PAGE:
U.S. stocks ended 2021 on a muted note, though capped off a record-setting year that saw the S&P 500 rise more than 27% despite ongoing tumult related in large part to the near-two-year-strrong Covid-19 epidemic.
The S&P 500 dipped 0.26% to close at 4,766.18, while the Nasdaq Composite fell 0.61% to end at 15,644.97. The Dow Jones Industrial Average sank 59.78 points to 36,338.30, losing 0.16%.
Pfizer (PFE) - Get Pfizer Inc. Report was among the S&P 500′s leaders Friday, rising more than 1% after British regulators approved the use of Paxlovid, the drugmaker’s Covid-19 antiviral pill, for people over 18 with mild to moderate symptoms.
The market saw a run of near-record highs this week as investors looked to a fresh start in 2022 that is likely to include more uncertainty and volatility but also more opportunity. The S&P posted its 70th record high on Thursday, marking the strongest year of gains for the broadest U.S. benchmark since 1995.
2021 Recap: A Record-Setting Year for Stocks
Entering Friday’s session, the S&P 500 was up 27.2% year to date. That puts the market benchmark on track for its third straight annual gain. Energy and real estate have been the best-performing sectors in the S&P this year, surging more than 40% each. Tech and financials are also up more than 30%.
The 30-stock Dow was up 18.9% through Thursday’s close, also putting it on pace for its third consecutive yearly gain. Home Depot (HD) - Get Home Depot, Inc. Report and Microsoft (MSFT) - Get Microsoft Corporation Report have led the Dow gains, rising more than 50% each.
The tech-heavy Nasdaq has risen 22.1% this year, putting the composite on track for its ninth annual gain in 10 years. Names like Alphabet (GOOGL) - Get Alphabet Inc. Class A Report, Apple (AAPL) - Get Apple Inc. Report, Meta Platforms (FB) - Get Meta Platforms Inc. Class A Report and Tesla (TSLA) - Get Tesla Inc Report have led Nasdaq’s gains this year.
2022 Outlook: Slower Growth and Muted Inflation
Friday’s expected calm trading session caps off a busy year in markets highlighted by extremes that drove investors to bid up all kinds of companies and sectors seemingly irrespective of market conditions, and, in many cases, valuations.
"Our base case is that 2022 will be a year of slower growth and inflation, a big shift from what investors have become accustomed to since the pandemic-induced recession of 2020," said David Rosenberg, chief economist and strategist with Rosenberg Research & Associates. "Against this backdrop, we believe expectations should be for weak stock market returns, a general outperformance of defensive/defensive growth sectors, and higher volatility."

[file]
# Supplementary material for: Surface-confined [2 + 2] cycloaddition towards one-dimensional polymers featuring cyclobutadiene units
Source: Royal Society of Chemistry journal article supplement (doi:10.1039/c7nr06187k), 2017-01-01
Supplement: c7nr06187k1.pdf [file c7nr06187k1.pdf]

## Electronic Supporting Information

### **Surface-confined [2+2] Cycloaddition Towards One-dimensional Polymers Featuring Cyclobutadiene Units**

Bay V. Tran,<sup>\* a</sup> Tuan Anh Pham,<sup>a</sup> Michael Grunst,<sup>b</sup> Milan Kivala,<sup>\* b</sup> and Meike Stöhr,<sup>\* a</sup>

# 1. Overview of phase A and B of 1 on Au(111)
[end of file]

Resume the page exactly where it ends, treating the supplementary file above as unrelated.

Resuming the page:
Indeed, heading into 2022, Rosenberg and other analysts and market-watchers expect investors to take a more sober view of ongoing market gains amid the continued threat of the omicron Covid-19 variant and on increasing expectations that the Federal Reserve and other central banks will pull back on stimulus that has kept cash sloshing around the global economy since March 2020.
That in turn will likely prompt reassessments of sectors like travel and tourism, which have been upended by omicron surge.
2022 Outlook: Easing Chip Shortage and Supply Disruptions
On Thursday, the Centers for Disease Control and Prevention said “avoid cruise travel, regardless of vaccination status.” However, White House medical advisor Dr. Anthony Fauci predicted earlier in the week that the omicron wave could peak by the end of January.
Other sectors including manufacturing, which have been slammed this year due to the ongoing global semiconductor shortage as well as global supply chain disruptions, are also expected to register a turnaround in 2022, potentially damping concerns about rampant inflation.
"While supply chains are still strained, there have been positive developments that suggest inflation should be on a downward trajectory in 2022, particularly in the U.S.," Rosenberg said.
Chen Zhao, founder and chief global strategic with economic research firm Alpine Macro, sees 2022 as a year that will be marked by three major transitions: from a recovery boom to a new steady but much-reduced growth rate; from hyper-stimulate to more muted monetary policy and a broader financial market transition.
2022 Outlook: Party Like It's 1999... for Now
"Our thought is that for the first half of 2022, the bull market could continue to advance on a parabolic path like what occurred in 1999," Zhao said, pointing to a still-strong U.S. economy driven by job creation and continued strength in consumer spending, which in turn will keep earnings strong in the short term.
"Although the Fed is turning hawkish, the current monetary environment is hyper stimulative. Historically, stocks tend to keep rising even after the Fed begins to raise rates. Only when the Fed over-tightens do stocks fall. We are far from that point.
"In fact, there is a strong possibility that the S&P 500 could experience a melt-up in the next two to three months," though that will be followed by a re-rating of stocks and sectors as inflation posts an "unexpected fall," which in turn could ease concerns of the Fed "...rushing into rate hikes, thus making policy mistakes."
"Lower inflation could also create expectations that the current monetary setting could last longer than what is being discounted," Zhao said.